Sufi literary influences, particularly that of Ibn al-Farid, greatly influenced Badawi's later works. He believed that through exploring one's own heart, one could find "the beauty of his God, and sip [sic] the wine of His knowledge and love."[2] Unlike most Arabic poets of his generation, Badawi's work remained firmly rooted in classical tradition.[11] He belonged to the neoclassical school of Arabic poets, which included Ahmed Shawqi. According to Jayyusi, Badawi "surpassed all his neo-classical contemporaries ... by his ability to achieve a universality, to arrive at the poetic moment in which the factual and metaphysical merge." His poetry often expressed constant loneliness, an unquenchable thirst and foreboding which reflected the real-time events of his life and the greater Arab population yet in nature, were abstract.[12]

Badawi's poetry also reflected an extent of automatism as testified by a moment during one of his parliamentary campaigns in the 1950s when a crowd of supporters gathered around to hear him speak about his political goals. Instead of immediately speaking to the crowd, he locked himself in a study and penned a profanely mystical love poem called the The Holy Flame, which he then read to the crowd.[12]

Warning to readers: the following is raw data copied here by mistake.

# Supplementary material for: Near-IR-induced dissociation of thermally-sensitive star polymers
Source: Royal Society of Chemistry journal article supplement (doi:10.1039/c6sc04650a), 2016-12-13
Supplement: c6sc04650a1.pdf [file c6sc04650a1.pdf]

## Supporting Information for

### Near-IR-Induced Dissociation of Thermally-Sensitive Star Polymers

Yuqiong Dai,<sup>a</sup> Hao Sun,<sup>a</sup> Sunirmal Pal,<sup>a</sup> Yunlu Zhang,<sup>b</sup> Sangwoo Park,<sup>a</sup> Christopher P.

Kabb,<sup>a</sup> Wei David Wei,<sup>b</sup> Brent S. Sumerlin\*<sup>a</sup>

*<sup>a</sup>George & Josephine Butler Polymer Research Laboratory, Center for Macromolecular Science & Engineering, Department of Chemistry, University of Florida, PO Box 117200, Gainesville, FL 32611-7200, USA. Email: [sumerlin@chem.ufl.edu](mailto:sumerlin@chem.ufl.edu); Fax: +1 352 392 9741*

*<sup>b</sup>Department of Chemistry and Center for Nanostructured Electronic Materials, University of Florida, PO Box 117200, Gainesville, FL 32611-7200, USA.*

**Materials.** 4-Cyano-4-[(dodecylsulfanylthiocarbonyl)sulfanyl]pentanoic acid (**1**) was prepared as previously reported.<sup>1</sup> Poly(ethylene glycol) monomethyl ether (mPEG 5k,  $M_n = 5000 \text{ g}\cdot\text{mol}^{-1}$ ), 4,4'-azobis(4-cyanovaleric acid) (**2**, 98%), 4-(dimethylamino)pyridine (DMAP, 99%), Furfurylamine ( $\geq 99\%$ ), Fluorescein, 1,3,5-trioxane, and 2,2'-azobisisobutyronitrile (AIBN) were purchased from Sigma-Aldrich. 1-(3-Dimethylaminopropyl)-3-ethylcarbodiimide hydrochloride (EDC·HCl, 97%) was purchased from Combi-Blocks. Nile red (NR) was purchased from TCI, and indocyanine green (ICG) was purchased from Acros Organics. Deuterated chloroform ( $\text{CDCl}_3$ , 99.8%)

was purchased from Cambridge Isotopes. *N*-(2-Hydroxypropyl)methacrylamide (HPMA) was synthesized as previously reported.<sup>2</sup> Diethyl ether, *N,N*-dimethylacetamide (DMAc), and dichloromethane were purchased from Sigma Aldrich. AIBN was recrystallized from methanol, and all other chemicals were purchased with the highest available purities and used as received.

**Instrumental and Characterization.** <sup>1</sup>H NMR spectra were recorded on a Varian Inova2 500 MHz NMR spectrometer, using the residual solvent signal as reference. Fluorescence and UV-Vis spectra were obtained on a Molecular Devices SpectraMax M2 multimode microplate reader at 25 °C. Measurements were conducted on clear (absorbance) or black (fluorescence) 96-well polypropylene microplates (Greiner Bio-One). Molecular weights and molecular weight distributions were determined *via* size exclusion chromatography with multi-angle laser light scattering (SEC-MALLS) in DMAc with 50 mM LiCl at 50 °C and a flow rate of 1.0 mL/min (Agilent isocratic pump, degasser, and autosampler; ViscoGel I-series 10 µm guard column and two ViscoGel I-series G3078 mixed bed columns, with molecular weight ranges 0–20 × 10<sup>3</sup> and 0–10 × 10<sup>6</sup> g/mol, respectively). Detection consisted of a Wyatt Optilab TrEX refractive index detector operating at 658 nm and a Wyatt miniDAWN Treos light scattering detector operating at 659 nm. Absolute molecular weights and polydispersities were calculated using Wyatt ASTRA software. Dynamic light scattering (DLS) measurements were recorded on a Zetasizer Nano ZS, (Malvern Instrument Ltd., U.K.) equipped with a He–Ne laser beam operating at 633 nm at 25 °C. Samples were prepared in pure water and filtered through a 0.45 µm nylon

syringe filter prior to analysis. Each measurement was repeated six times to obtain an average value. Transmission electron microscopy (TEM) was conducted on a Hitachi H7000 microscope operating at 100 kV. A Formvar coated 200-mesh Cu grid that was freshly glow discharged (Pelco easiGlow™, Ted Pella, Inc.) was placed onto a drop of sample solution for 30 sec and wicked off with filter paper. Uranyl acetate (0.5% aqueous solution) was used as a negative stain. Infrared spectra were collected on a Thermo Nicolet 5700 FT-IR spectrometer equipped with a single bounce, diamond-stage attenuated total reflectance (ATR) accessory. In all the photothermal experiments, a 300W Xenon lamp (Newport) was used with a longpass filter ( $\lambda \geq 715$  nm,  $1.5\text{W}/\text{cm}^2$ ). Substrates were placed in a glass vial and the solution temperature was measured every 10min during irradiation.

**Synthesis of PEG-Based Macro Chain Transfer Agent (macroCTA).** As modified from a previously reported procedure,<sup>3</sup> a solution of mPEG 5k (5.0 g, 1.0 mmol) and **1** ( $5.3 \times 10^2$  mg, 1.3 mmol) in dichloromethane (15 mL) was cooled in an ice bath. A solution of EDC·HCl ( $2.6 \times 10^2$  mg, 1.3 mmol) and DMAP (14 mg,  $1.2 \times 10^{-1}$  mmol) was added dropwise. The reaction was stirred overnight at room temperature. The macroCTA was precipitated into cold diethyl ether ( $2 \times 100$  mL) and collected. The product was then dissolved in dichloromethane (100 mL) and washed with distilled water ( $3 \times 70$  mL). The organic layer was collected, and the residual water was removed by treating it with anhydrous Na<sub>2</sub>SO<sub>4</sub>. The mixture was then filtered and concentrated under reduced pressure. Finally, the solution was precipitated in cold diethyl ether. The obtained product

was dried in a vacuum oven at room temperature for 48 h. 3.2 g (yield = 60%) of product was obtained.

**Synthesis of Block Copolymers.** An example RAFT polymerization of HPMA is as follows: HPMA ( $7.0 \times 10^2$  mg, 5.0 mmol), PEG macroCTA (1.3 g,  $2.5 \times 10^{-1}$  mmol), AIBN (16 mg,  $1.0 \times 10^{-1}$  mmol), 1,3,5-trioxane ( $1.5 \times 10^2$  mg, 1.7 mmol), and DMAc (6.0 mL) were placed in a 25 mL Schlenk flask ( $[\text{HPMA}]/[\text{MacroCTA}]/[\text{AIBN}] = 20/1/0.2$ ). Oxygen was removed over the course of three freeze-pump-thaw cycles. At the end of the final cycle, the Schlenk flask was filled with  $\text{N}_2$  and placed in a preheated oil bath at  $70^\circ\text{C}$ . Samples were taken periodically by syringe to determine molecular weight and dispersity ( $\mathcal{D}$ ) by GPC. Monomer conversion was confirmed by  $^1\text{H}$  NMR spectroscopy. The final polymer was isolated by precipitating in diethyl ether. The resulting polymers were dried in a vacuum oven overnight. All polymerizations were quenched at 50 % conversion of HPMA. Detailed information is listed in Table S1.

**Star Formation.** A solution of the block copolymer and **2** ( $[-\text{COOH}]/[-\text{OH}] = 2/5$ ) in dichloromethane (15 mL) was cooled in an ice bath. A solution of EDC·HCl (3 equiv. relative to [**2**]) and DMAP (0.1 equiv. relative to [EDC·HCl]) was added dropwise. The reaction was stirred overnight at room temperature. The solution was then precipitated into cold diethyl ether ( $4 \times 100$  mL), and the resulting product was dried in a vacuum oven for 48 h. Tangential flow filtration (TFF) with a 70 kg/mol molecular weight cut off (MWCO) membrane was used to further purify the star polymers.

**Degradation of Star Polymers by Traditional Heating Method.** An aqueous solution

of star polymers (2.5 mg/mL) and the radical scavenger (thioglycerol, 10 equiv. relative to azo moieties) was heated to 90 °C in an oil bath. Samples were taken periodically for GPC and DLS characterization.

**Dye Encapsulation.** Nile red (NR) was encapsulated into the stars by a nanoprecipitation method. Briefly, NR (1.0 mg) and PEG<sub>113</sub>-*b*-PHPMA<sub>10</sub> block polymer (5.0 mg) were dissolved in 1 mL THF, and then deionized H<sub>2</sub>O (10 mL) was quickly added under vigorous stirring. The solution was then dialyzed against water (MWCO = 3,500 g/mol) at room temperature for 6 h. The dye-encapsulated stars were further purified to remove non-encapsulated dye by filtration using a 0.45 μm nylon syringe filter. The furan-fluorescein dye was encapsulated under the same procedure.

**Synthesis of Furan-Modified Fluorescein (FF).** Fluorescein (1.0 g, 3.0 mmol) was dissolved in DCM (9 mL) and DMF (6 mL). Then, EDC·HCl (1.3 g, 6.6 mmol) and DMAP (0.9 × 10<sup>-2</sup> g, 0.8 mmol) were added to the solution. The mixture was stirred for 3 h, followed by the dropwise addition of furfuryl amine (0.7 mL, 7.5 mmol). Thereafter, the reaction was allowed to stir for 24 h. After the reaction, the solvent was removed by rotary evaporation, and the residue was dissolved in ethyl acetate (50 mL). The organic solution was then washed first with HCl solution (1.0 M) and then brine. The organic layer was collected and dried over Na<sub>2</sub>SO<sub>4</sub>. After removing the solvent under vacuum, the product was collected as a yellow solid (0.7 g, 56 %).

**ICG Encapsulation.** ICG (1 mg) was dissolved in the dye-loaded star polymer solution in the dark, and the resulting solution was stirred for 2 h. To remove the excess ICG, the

References[edit]

  1. ^ a b c d e f g Moubayed, 2006, p. 542.
  2. ^ a b c d e f g h Meismani, 1998, p. 121.
  3. ^ a b c Jayyusi, 1987, p. 61.
  4. ^ a b Seale, 1990, p. 19.
  5. ^ Auden, 2005, p. 1.
  6. ^ a b c d Moubayed, 2006, p. 543.
  7. ^ a b c d Moubayed, 2006, p. 544.
  8. ^ Sulaiman, 1984, p. 129.
  9. ^ a b Sperl, p. 426.
  10. ^ Jayyusi, 1977, p. 596.
  11. ^ Jayyusi, 1977, pp. 397–398.
  12. ^ a b Jayyusi, 1977, p. 212.

Bibliography[edit]